Ron Lichty 00:18:41 One of the examples that I give of what we have to avoid in agile, agile asks everybody on a team to step up. It asks teams to come together as teams. And what micromanagement does is it causes people to step back. Uh, if I’m a programmer and I’ve got somebody telling me what to do and how to do it, I’m going to step back and say, okay, I’ve got that done. What do you want me to do next? What do you want me to do next? What do you want me to do next? I’m going to become an order taker instead of bringing my whole self to both the product and to my team. And it’s really counterproductive. It’s really counterproductive on the part of managers

Nate Black 00:19:24 And part of bringing your whole self is also bringing in that right brand aspect that you were talking about. The creativity is, do you have an example of something that a programmer contributed that just was out of left field? They weren’t expecting to made a positive impact.

Ron Lichty 00:19:39 I’ll bring an example of my own. When I was a programmer, we were doing a brand new device that didn’t exist yet. And the inventor of that device, uh, this was, uh, this was both electronics and software. And I was working on the software part of it that was going to be embedded in this device. And the inventor of the device came to us with a manual for his device. This is what I’m going to give to users. This is how the thing works. You guys figure out how to do, how to, how to create the guts, how to make this thing, deliver what it is that I’m asking for. And it was possibly the only project I ever worked on as a programmer. And possibly the only one I’ve seen since that there were no ambiguities in what he wanted. It was really clear the, what was really clear, but he wasn’t giving us any of the, how he was saying, you know, bring yourselves to this and give, give me the best that you can give me.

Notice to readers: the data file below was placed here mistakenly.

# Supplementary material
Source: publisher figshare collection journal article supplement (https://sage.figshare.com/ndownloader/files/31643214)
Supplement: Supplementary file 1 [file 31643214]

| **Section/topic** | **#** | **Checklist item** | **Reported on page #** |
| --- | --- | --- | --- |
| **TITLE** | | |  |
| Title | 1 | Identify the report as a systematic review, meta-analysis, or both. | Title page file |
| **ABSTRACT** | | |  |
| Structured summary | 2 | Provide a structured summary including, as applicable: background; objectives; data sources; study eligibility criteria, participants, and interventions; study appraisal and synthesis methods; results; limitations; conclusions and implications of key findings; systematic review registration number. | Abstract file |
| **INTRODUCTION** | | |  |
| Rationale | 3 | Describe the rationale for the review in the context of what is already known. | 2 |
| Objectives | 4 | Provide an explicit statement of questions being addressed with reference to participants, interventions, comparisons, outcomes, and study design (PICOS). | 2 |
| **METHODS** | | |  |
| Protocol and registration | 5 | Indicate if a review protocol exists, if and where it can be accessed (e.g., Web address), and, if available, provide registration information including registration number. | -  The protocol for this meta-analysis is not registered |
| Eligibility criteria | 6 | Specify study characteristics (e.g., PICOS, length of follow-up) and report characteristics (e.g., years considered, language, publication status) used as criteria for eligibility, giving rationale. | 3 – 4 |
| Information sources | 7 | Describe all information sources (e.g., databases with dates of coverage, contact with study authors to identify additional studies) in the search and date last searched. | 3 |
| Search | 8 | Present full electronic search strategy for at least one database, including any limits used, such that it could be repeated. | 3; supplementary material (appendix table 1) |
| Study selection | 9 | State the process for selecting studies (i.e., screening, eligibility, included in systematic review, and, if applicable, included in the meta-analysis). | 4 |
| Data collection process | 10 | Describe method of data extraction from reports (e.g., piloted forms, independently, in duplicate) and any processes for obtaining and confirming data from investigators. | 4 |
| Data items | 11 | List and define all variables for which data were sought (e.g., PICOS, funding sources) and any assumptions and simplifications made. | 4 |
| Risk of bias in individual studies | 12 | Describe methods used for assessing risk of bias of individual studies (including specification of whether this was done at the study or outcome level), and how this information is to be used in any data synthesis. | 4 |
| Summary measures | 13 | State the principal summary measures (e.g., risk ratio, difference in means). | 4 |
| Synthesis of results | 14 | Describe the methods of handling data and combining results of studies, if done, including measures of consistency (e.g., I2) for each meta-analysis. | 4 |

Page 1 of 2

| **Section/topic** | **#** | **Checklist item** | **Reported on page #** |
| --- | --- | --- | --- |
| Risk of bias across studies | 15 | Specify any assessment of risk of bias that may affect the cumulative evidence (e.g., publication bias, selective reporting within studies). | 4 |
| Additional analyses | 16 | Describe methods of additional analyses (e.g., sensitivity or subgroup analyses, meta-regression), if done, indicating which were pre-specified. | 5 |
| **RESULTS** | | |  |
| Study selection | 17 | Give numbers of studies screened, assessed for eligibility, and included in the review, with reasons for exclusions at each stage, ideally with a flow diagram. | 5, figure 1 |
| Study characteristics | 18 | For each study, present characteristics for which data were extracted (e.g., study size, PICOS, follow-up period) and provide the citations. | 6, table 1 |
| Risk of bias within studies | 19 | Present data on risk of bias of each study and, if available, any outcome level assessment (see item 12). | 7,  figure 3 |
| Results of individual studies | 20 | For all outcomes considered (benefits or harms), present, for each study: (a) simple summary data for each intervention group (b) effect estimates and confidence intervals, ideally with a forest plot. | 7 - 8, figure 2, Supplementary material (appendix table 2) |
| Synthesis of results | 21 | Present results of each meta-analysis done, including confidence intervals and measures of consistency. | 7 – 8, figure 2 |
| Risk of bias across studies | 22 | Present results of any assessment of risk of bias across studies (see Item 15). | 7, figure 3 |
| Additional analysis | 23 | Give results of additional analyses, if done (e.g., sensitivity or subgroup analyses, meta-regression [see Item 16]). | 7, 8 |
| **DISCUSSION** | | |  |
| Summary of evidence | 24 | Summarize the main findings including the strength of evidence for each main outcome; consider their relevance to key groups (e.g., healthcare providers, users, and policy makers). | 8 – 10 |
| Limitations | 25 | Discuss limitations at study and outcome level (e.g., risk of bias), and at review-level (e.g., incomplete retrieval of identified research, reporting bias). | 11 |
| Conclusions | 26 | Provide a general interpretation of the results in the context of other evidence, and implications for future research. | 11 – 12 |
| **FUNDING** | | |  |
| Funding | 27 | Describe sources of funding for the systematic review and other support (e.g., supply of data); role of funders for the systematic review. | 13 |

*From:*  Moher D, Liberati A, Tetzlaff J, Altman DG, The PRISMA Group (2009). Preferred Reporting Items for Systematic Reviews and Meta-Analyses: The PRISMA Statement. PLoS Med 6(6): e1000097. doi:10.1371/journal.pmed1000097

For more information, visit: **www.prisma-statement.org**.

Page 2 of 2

Ron Lichty 00:20:38 And the, what was so clear that it was like rolling down a Hill, delivering what he wanted. And I had time left to bring that right brain left brain stuff you were just talking about. I invented a way of storing that data. This is very early on when there was very little memory and the kind of storage spaces that we were doing. And I invented a new way of doing that. And, and he got a patent on the encryption methods that I invented for doing that. And it was because he didn’t tell me how to do it. It was because he only said, here’s what I imagine I want to deliver for my customers.

Nate Black 00:21:15 Do you think that most of the time, that information or those requirements or goals or even values aren’t communicated down clearly enough to the developers, is that the cause of a lot of problems that we see